Can Anyone With Diabetes Get an Islet Cell Transplant?
Typically, candidates for islet cell transplantation are between the ages of 18 and 65, have had type 1 diabetes for more than 5 years, and are experiencing diabetes-related complications such as frequent periods of unconsciousness due to lack of insulin and early signs of kidney problems that could lead to kidney failure.
Can Islet Cell Transplantation Be Done at any Hospital?
Because it is still considered an experimental therapy, islet cell transplantation for diabetes is not widely available. There are currently 17 U.S. centers participating in islet cell research programs. The American Diabetes Association recommends that pancreas or islet cell transplantation be performed only in these major centers, which are best equipped to handle the complex and long-term medical and personal needs of transplant patients.
What Is the Future for Islet Cell Transplantation Research?
There are two main areas of focus in islet cell transplantation research:
- Collecting enough islet cells to do the transplant: Obtaining enough islet cells for transplantation is a major challenge. Typically, about 1 million islet cells are needed, which is equivalent to two donor pancreases. Because the need surpasses the number of human donors available, researchers are studying the use of cells from other sources, including fetal tissue and animals such as pigs. Researchers are also attempting to grow human islet cells in the laboratory.
- Preventing rejection: Researchers continuously seek to develop new and better anti-rejection drugs. Many advances have been made in anti-rejection drugs over the past 15 years. Newer drugs -- such as tacrolimus (FK506) and rapamycin -- have fewer and less harmful side effects than some older drugs like cyclosporine and prednisone.
Researchers are also working to develop methods of transplanting islet cells that will reduce or eliminate the risk of rejection and the need for immunosuppression. One approach involves coating the islet cells with a special gel that prevents the immune system from recognizing and targeting the donor cells.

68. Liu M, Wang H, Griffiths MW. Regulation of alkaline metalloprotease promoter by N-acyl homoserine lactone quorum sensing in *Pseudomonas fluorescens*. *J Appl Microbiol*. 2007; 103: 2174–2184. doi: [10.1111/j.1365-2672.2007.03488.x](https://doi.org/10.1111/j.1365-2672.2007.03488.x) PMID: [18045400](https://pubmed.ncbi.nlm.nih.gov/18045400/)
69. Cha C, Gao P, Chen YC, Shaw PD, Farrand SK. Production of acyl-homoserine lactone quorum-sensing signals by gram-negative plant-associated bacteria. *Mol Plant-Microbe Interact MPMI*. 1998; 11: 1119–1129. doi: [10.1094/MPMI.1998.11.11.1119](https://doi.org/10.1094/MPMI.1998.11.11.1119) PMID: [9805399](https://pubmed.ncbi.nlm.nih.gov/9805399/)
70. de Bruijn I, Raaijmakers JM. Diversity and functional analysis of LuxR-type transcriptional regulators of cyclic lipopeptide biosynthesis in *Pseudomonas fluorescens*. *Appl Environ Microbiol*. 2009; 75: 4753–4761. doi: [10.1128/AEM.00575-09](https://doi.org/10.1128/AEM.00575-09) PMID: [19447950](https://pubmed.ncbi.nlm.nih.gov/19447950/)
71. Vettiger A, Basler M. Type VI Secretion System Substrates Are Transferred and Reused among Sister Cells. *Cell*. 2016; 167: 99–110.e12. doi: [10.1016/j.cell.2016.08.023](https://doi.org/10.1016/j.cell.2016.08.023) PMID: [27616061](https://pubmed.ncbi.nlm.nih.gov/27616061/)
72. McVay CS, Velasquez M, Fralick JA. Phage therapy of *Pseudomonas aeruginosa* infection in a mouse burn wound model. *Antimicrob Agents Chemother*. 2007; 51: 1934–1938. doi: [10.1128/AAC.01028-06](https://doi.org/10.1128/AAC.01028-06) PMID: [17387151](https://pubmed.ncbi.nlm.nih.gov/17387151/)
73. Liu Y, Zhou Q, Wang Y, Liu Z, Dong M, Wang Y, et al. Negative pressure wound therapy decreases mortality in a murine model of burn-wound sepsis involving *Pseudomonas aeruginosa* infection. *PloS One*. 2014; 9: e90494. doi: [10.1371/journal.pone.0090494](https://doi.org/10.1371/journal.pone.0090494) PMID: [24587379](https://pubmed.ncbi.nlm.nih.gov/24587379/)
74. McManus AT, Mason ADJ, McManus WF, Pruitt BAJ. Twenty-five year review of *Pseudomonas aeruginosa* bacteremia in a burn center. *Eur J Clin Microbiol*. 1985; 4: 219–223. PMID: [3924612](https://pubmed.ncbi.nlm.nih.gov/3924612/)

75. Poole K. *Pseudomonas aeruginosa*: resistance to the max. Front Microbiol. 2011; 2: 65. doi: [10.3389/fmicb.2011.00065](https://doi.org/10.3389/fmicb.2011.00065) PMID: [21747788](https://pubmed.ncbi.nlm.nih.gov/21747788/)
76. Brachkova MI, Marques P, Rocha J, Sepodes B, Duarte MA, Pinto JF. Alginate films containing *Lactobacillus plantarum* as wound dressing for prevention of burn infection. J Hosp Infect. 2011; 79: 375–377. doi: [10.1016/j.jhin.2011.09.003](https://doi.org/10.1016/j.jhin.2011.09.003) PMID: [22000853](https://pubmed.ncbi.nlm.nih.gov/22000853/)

WebMD Medical Reference
Health Solutions From Our Sponsors
Reviewed by John A. Seibel, MD on March 08, 2009
Top Islet Cell Transplantation Related Articles
Contraceptive Measures after Unprotected SexContraceptive birth control measures after unprotected sex include: emergency hormonal contraception (the morning after pill), and emergency IUD. The morning after pill is not meant to be a long-term contraception. Once the emergency is over, a woman should consult with her physician so that an appropriate contraceptive method can be chosen if the woman continues to be sexually active. The emergency IUD can provide a woman with long-term contraception. Emergency IUD insertion does however, increase the risk of pelvic inflammatory disease (PID).
Diabetes (Type 1 and Type 2)Diabetes is a chronic condition characterized by high levels of sugar (glucose) in the blood. The two types of diabetes are referred to as type 1 (insulin dependent) and type 2 (non-insulin dependent). Symptoms of diabetes include increased urine output, thirst, hunger, and fatigue. Treatment of diabetes depends on the type.
Diabetes Treatment: Medication, Diet, and Insulin